Reshaping the EU budget and Cohesion Policy: carrying on, doing less, doing more or radical redesign?

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Series Details No.5, 2017
Publication Date May 2017
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The EoRPA Consortium is a grouping of regional policy departments and agencies from eleven European countries which collectively funds a research programme on regional policy developments (and the reasons for policy change) in the EU Member States, Norway and Switzerland. At the core of the research is a comparative assessment of changes in regional policy and regional policy instruments, set in the context of developing European frameworks (the Regional Aid Guidelines and the Structural Funds Regulations). The Consortium also funds thematic studies on selected contemporary regional policy issues.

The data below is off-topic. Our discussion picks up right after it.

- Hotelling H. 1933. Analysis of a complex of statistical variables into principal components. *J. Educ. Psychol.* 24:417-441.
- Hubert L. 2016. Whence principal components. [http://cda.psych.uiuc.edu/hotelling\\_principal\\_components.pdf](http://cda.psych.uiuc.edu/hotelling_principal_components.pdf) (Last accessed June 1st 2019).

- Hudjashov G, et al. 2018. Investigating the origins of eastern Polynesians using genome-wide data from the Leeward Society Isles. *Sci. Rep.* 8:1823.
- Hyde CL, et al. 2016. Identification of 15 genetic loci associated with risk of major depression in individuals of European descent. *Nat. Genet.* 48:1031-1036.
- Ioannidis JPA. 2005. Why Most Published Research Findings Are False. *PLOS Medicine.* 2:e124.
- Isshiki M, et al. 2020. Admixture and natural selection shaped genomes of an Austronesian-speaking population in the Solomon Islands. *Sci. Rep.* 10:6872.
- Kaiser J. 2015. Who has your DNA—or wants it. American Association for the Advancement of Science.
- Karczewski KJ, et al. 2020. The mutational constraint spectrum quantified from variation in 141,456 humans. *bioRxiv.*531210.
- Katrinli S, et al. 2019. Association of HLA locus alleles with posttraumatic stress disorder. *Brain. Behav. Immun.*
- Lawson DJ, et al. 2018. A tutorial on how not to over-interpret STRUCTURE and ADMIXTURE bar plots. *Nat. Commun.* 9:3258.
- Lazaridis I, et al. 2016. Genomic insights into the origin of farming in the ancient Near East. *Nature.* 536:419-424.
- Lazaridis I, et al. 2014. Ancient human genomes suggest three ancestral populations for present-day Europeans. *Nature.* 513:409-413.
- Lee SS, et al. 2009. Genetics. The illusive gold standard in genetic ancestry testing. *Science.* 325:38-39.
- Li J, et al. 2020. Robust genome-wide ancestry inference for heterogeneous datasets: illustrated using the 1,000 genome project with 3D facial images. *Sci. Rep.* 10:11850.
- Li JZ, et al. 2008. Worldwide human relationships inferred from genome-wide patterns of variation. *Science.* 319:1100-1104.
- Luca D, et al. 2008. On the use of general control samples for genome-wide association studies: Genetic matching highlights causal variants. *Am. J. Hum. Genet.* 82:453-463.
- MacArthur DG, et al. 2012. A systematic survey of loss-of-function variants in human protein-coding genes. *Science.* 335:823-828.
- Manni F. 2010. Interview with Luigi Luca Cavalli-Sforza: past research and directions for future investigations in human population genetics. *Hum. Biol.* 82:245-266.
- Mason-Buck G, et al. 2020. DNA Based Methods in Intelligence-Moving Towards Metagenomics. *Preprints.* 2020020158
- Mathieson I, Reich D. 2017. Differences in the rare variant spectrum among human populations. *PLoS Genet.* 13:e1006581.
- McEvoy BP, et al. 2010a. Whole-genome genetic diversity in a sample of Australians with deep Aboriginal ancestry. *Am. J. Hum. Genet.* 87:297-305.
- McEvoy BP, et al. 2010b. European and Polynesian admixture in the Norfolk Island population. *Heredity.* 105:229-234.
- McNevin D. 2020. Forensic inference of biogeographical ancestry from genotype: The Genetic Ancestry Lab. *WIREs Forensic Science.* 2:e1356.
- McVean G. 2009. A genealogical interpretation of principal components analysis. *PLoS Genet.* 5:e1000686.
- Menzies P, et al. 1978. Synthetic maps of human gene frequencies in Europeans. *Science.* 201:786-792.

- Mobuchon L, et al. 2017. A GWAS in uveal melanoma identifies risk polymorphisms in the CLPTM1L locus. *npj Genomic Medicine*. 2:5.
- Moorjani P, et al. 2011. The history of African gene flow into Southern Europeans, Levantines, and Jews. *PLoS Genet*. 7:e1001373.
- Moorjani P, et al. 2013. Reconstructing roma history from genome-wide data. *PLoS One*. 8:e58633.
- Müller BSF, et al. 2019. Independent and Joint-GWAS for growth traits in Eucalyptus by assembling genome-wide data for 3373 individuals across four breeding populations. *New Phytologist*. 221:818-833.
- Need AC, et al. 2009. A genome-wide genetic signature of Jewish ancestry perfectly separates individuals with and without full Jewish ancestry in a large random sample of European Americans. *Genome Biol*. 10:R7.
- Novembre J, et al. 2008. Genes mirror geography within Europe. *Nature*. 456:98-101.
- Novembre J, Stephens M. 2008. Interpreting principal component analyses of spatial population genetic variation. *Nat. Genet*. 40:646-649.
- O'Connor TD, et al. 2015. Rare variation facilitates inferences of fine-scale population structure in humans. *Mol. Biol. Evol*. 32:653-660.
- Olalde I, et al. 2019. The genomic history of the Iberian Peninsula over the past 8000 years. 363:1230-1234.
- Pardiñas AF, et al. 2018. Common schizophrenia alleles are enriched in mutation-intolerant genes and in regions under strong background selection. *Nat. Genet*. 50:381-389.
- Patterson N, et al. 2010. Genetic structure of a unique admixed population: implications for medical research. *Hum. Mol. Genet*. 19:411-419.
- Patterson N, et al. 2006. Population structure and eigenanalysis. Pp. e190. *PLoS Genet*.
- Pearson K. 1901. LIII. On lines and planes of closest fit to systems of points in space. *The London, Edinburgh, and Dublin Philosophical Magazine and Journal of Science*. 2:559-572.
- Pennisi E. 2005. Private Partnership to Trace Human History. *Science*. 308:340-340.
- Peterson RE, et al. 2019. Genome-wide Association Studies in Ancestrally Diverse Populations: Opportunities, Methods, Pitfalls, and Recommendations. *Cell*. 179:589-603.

The EoRPA Consortium is managed by the European Policies Research Centre (EPRC) in the School of Government & Public Policy at the University of Strathclyde in Scotland. EoRPA is led by Professor John Bachtler and Fiona Wishlade.

EoRPA is the Gaelic word for Europe.Debates over the past year indicate that EU institutions and some Member States want to allocate substantially more funds to EU priorities such as youth employment, managing migration, security, adaptation to climate change and a quicker transition to clean energy.

Implications for Cohesion Policy include the possibilities of less spending on ESIF, an asymmetric approach to convergence, the prioritisation of social cohesion, measures to ensure faster implementation and stronger capacity, alignment with economic governance, revision of the Berlin formula, a different geographical focus and new budgetary sanctions.

Cohesion policymakers stress the value of the policy in delivering collective action in responding to EU objectives related to globalisation, competitiveness and climate change, as well as the capability of smart specialisation strategies in designing and implementing coordinated policy interventions.

Policy reform will have to incorporate more flexibility in response to unforeseen challenges, the need for structural reforms to improve effectiveness and ensure that administrations have sufficient capacity, and simplification especially through common rules.

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